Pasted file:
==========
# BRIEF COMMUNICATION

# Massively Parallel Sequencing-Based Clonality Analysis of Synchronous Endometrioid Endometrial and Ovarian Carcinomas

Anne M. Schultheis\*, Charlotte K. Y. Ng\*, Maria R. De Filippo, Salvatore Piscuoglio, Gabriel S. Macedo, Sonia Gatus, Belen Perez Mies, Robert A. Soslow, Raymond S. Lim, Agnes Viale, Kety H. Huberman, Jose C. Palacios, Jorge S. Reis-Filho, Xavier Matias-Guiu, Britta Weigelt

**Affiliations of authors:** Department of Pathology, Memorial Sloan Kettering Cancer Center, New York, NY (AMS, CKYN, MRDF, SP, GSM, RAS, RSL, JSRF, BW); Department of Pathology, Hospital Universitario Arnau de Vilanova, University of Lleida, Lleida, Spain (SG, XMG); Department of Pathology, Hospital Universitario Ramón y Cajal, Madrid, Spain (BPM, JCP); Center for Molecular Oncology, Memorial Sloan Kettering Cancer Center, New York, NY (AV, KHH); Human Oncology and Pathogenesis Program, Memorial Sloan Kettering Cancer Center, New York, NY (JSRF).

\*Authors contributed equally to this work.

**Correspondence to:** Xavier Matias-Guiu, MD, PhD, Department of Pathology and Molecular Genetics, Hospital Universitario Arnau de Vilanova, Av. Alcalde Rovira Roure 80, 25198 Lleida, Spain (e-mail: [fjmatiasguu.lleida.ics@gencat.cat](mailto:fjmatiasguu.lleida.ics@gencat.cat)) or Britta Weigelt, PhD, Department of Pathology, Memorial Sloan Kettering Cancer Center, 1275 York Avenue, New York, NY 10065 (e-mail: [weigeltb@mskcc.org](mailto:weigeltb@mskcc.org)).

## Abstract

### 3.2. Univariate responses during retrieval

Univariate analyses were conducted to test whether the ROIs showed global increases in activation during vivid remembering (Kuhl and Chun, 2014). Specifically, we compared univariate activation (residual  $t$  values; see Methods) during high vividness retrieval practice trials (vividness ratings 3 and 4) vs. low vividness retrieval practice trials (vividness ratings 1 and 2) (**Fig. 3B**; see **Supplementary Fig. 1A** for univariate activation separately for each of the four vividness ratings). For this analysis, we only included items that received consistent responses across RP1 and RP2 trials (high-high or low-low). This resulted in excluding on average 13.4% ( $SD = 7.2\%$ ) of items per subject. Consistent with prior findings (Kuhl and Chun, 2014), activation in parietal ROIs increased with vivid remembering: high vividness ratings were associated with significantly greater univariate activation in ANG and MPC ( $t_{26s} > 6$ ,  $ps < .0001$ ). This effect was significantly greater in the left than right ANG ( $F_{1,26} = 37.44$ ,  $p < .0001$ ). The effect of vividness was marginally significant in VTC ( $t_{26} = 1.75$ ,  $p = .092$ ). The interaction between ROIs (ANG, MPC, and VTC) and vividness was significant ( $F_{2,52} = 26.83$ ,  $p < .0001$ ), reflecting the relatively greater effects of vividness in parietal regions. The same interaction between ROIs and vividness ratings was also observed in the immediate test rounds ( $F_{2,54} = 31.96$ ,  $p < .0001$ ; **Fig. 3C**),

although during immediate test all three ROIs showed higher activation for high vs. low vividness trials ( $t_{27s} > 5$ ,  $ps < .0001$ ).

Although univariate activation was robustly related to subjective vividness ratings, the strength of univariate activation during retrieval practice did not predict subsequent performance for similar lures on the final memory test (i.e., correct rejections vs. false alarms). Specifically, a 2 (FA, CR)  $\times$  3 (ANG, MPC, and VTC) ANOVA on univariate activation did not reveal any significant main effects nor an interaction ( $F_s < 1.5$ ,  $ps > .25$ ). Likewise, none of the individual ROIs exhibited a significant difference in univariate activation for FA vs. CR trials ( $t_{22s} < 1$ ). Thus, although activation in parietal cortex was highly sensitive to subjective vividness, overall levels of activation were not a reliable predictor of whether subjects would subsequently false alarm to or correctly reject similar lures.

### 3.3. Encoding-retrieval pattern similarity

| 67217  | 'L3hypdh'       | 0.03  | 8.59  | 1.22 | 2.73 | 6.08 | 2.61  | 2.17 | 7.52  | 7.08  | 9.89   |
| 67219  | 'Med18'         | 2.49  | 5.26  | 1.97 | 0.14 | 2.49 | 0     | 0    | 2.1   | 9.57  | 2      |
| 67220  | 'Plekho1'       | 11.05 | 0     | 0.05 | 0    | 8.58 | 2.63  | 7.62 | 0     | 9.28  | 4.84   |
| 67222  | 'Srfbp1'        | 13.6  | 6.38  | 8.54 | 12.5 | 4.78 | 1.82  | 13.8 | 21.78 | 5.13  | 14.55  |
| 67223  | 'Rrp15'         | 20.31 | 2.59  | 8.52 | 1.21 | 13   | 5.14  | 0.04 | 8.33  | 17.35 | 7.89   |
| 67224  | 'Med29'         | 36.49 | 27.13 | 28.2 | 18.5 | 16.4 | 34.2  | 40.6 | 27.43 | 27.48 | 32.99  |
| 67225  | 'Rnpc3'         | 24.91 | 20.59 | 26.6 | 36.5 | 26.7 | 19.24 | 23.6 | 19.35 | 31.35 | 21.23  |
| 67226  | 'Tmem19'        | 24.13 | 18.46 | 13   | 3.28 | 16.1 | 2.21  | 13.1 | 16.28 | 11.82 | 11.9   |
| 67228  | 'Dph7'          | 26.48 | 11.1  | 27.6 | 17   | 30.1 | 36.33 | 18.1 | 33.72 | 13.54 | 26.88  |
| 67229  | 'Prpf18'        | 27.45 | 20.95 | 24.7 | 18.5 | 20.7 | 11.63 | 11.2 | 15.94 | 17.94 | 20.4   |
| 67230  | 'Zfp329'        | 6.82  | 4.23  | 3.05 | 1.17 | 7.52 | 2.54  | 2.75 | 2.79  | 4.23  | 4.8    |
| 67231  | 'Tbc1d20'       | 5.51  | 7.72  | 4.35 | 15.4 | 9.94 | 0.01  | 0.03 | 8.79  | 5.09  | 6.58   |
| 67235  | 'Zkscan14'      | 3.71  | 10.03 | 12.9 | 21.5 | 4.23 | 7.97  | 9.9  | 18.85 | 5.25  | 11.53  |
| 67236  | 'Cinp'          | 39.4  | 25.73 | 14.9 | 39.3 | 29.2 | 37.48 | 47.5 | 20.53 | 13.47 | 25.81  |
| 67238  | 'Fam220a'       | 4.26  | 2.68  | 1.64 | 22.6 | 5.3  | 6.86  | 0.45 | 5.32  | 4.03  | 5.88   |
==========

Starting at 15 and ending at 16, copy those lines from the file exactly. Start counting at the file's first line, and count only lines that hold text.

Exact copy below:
| 67220  | 'Plekho1'       | 11.05 | 0     | 0.05 | 0    | 8.58 | 2.63  | 7.62 | 0     | 9.28  | 4.84   |
| 67222  | 'Srfbp1'        | 13.6  | 6.38  | 8.54 | 12.5 | 4.78 | 1.82  | 13.8 | 21.78 | 5.13  | 14.55  |